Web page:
Conclusion: IT-as-a-Service is an initiative launched by IT organisations to fix an IT problem, whilst digital transformation is another initiative launched by business lines to fix a business problem. However, fixing both problems remains an enterprise’s critical issue. Hence, organisations wishing to remove the duplication between the two programs should unify both programs and ensure sufficient funds are available to implement the unified program in a timely and cost effective manner.
Conclusion: IT organisations wishing to select quality services at competitive prices should rate themselves against an IT procurement maturity model to leverage economies of scale. This will enable IT organisations to reduce cost while meeting business needs in a timely and cost-effective manner.
Conclusion: While IaaS and PaaS adoption has been increasing, most IT organisations are hesitant to migrate their legacy systems to public SaaS. This is primarily due to the applications being highly customised resulting in a significant effort being required to retrofit existing systems to migrate them to public SaaS architecture in the Cloud.
Conclusion: There are distinct differences between traditional outsourcing, managed services and as-a-service contracts. Traditional outsourcing and managed services are input-based contracts with a fixed price based on the number of the supplier team members delivering the service, service levels that do not reflect business operations and significant financial penalties when exiting for convenience.
As-a-service contracts are outcome-based contracts, priced on a consumption basis, measured by service levels that reflect end-user experience and no exit fees.
IT organisations should analyse the advantages and disadvantages of each alternative whilst formulating their sourcing and Cloud migration strategies.
Conclusion: One of IT organisations’ objectives must be to reduce the total service cost of legacy applications by migrating them to a Cloud environment. However, achievement of the desired success largely lies in limiting the scope variations of Application-as-a-Service contracts and controlling the hidden cost drivers. This requires leveraging the lessons learnt in containing outsourcing cost and establishing flexible contracts in the legacy environment. Failure to do so may extend the legacy system lifetime and leave IT organisations with no alternative but to absorb the increased cost of application management on an ongoing basis.
Conclusion: The Total Cost of Ownership (TCO) was created two decades ago to provide visibility of the total cost of IT assets. It was targeted at IT organisations running an in-house mode of operations. While TCO can provide a good understanding of the internal IT asset cost, it could not estimate the cost per service because the IT budget was never based on service delivery. As a result, it was neither adequate to buy external services nor sufficient to assess the value that an IT organisation can bring to the business lines. IT organisations should adopt the Total Cost of Service (TCS) model to accurately estimate services’ internal costs, benchmark the external services cost and justify the services costs in terms of business imperatives.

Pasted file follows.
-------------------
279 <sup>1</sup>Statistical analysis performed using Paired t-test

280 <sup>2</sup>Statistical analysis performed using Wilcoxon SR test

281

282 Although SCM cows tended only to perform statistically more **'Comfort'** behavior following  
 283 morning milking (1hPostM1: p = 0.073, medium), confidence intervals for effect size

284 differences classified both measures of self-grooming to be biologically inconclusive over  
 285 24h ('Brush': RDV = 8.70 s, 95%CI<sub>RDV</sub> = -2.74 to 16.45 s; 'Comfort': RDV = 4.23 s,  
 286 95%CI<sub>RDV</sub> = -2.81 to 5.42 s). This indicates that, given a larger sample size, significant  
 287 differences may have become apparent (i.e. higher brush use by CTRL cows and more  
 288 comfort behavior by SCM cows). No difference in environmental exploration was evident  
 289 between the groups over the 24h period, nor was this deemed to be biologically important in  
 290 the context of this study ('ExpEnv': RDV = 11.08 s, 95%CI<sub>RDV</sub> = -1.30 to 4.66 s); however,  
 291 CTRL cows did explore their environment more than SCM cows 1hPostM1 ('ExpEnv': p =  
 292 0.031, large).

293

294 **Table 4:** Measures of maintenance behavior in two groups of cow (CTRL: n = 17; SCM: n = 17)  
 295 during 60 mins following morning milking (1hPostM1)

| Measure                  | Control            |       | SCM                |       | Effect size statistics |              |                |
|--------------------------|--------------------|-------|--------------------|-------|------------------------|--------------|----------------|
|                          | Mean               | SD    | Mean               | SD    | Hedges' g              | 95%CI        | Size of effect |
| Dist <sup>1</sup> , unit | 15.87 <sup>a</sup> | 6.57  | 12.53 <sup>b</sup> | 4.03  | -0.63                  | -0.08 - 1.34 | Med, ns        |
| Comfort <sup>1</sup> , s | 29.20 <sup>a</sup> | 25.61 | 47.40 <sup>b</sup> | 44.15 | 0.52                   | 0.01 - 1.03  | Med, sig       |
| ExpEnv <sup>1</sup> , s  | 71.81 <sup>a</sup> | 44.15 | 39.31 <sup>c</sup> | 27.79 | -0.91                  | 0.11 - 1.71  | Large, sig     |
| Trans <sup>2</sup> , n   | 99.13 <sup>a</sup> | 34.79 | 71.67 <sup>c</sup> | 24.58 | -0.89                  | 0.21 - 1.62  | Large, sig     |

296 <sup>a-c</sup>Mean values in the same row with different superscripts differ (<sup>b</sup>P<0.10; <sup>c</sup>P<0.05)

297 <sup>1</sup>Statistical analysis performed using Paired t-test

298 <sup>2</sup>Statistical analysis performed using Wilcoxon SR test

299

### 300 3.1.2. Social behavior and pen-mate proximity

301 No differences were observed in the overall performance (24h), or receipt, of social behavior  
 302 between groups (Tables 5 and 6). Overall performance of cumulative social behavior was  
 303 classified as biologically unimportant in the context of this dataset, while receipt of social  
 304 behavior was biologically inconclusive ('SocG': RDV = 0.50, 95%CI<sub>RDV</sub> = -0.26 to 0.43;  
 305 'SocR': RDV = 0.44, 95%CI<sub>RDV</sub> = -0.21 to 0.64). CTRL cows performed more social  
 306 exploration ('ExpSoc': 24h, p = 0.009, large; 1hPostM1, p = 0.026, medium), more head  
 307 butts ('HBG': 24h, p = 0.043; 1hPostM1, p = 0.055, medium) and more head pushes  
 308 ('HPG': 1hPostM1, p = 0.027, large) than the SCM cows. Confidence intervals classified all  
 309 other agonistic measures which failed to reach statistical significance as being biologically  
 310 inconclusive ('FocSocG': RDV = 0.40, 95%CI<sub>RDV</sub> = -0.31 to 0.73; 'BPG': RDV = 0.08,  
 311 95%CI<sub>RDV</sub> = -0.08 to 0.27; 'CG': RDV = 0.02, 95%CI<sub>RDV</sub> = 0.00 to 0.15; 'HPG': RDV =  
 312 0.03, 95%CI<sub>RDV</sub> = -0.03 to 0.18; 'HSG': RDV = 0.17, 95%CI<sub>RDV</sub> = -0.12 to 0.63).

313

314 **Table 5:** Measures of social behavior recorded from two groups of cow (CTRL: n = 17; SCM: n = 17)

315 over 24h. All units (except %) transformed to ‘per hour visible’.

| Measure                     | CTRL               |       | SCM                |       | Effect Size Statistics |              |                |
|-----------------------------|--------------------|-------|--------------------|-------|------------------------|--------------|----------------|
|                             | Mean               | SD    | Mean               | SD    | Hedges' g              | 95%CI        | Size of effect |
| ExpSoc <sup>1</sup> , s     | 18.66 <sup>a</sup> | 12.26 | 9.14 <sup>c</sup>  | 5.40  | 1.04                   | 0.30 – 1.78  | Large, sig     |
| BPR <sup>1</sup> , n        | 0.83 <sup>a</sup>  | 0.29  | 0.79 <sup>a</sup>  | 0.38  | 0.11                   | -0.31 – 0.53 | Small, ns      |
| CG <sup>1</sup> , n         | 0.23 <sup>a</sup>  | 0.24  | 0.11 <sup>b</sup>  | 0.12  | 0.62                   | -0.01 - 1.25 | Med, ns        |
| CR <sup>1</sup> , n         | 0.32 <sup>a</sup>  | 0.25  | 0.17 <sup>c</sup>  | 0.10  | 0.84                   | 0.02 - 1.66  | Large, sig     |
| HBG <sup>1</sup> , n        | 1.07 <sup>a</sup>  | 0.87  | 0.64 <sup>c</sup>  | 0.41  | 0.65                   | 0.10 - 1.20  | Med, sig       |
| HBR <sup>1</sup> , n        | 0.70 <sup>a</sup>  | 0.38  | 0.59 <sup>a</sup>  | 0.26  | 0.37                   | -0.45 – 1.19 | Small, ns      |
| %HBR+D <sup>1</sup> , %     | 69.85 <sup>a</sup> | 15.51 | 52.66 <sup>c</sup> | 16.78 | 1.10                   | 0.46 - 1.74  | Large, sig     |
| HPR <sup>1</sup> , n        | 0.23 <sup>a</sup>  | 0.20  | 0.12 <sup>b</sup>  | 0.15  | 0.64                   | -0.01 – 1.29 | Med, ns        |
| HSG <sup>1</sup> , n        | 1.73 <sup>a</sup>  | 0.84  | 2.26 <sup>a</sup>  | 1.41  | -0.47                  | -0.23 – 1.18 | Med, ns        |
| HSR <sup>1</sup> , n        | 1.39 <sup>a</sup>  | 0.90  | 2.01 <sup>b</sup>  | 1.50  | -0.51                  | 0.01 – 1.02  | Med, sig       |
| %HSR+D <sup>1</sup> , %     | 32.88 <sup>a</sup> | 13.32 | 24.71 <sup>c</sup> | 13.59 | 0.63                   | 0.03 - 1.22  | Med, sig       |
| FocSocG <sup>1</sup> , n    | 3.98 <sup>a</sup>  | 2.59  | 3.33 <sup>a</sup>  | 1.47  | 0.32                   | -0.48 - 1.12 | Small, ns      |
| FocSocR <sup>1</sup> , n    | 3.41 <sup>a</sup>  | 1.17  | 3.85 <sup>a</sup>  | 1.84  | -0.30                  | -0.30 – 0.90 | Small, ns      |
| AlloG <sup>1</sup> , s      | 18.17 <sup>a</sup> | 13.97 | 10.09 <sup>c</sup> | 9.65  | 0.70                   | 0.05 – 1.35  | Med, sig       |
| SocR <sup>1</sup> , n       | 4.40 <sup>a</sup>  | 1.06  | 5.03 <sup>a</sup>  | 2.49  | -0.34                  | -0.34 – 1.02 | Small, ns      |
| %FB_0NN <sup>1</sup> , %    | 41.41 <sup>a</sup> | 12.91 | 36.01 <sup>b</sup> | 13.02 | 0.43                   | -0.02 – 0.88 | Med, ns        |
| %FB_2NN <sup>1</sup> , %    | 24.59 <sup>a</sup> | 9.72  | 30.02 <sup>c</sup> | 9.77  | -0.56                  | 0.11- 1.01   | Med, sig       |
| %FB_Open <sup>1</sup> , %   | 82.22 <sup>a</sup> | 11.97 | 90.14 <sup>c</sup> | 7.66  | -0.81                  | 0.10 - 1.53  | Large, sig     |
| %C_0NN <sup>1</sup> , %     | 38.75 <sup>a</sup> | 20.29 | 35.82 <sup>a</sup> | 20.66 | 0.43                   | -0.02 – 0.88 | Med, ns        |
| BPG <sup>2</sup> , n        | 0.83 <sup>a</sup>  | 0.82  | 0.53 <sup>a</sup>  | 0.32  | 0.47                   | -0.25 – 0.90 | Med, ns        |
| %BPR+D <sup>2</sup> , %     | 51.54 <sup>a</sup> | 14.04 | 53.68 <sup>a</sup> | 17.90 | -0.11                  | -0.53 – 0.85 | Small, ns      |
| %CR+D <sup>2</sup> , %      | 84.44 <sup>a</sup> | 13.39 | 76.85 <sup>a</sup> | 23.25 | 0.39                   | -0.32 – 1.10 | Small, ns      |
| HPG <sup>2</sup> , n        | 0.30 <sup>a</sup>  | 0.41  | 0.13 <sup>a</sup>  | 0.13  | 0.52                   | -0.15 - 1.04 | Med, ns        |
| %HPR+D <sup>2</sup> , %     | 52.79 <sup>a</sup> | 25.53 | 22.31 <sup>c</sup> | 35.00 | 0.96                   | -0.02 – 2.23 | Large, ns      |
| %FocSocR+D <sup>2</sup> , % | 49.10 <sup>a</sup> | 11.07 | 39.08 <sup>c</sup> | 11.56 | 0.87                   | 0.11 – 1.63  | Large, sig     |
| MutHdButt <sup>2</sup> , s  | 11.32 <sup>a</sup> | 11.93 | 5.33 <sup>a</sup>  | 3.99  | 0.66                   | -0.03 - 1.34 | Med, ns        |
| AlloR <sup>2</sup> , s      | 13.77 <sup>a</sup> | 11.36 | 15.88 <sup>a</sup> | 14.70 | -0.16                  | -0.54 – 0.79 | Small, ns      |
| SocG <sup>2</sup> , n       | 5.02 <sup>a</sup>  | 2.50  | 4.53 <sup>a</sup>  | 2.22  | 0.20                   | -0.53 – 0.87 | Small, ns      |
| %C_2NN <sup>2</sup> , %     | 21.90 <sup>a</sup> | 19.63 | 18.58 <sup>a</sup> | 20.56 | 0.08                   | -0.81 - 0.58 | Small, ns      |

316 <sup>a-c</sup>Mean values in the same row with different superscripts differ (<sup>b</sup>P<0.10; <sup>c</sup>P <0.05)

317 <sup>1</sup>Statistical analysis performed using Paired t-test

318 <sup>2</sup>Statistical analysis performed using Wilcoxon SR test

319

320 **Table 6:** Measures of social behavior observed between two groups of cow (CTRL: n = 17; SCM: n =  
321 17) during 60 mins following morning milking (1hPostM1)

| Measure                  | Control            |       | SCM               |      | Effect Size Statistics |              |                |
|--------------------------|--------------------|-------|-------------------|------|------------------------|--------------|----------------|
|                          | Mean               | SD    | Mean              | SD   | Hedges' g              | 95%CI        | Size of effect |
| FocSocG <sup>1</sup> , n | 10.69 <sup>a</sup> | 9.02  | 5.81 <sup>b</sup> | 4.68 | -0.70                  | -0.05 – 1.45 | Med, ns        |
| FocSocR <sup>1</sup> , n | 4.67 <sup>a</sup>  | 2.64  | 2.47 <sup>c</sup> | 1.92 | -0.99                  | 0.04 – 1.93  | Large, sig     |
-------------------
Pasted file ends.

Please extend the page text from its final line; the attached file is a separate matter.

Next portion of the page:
Conclusion: The drive for digital disruption has forced many organisations to implement contact centres’ online chat facilities (or equivalent). The rationale is to instantly connect customers with service experts and to resolve inquiries at the first contact whenever possible. While customers enjoy the ability to initiate a chat anytime and from any device, the ability of service providers to resolve inquiries to customers’ satisfaction remains unfulfilled in many cases, especially in the telecommunication carriers industry. Organisations should realise that a digital transformation is not only about implementing online facilities; it requires significant business process re-engineering to improve end-user experience across all types of inquiries.
Conclusion: Traditional disaster recovery plans do not mitigate risks against frequent software and hardware malfunction, nor do they integrate with business continuity plans. As a result, a production service may become unavailable for up to two days in certain cases (e. g. recovery from a database outage or data corruption). In the digital world, the business impact of such a failure will be significant as clients may place their orders with a competitor when they face an unavailable service for a prolonged period of time. IT organisations should deliver recovery-as-a-service that provides non-stop business operations.
Conclusion: IT organisations driving their business transformation should mature their internal consulting function to connect with business units’ service quality expectations. This should lead to consistent delivery, facilitate knowledge sharing and realise business benefits.
Conclusion: While the increased adoption of public IaaS1 can reduce cost and simplify technology procurement challenges, IaaS does not meet all IT organisations’ sourcing requirements such as legacy applications maintenance and IT service management. Hence, IT organisations are left with no alternative but to use multiple service providers to satisfy all their needs. This will increase clients’ governance cost of service providers and extend the duration of external services acquisition. As a result, a service broker model has emerged to provide one single point of accountability to all sourcing deliverables, simplify go-to-market strategies and fulfil the Cloud migration requirements in a cost-effective manner. IT organisations should assess the applicability of this model to their environment.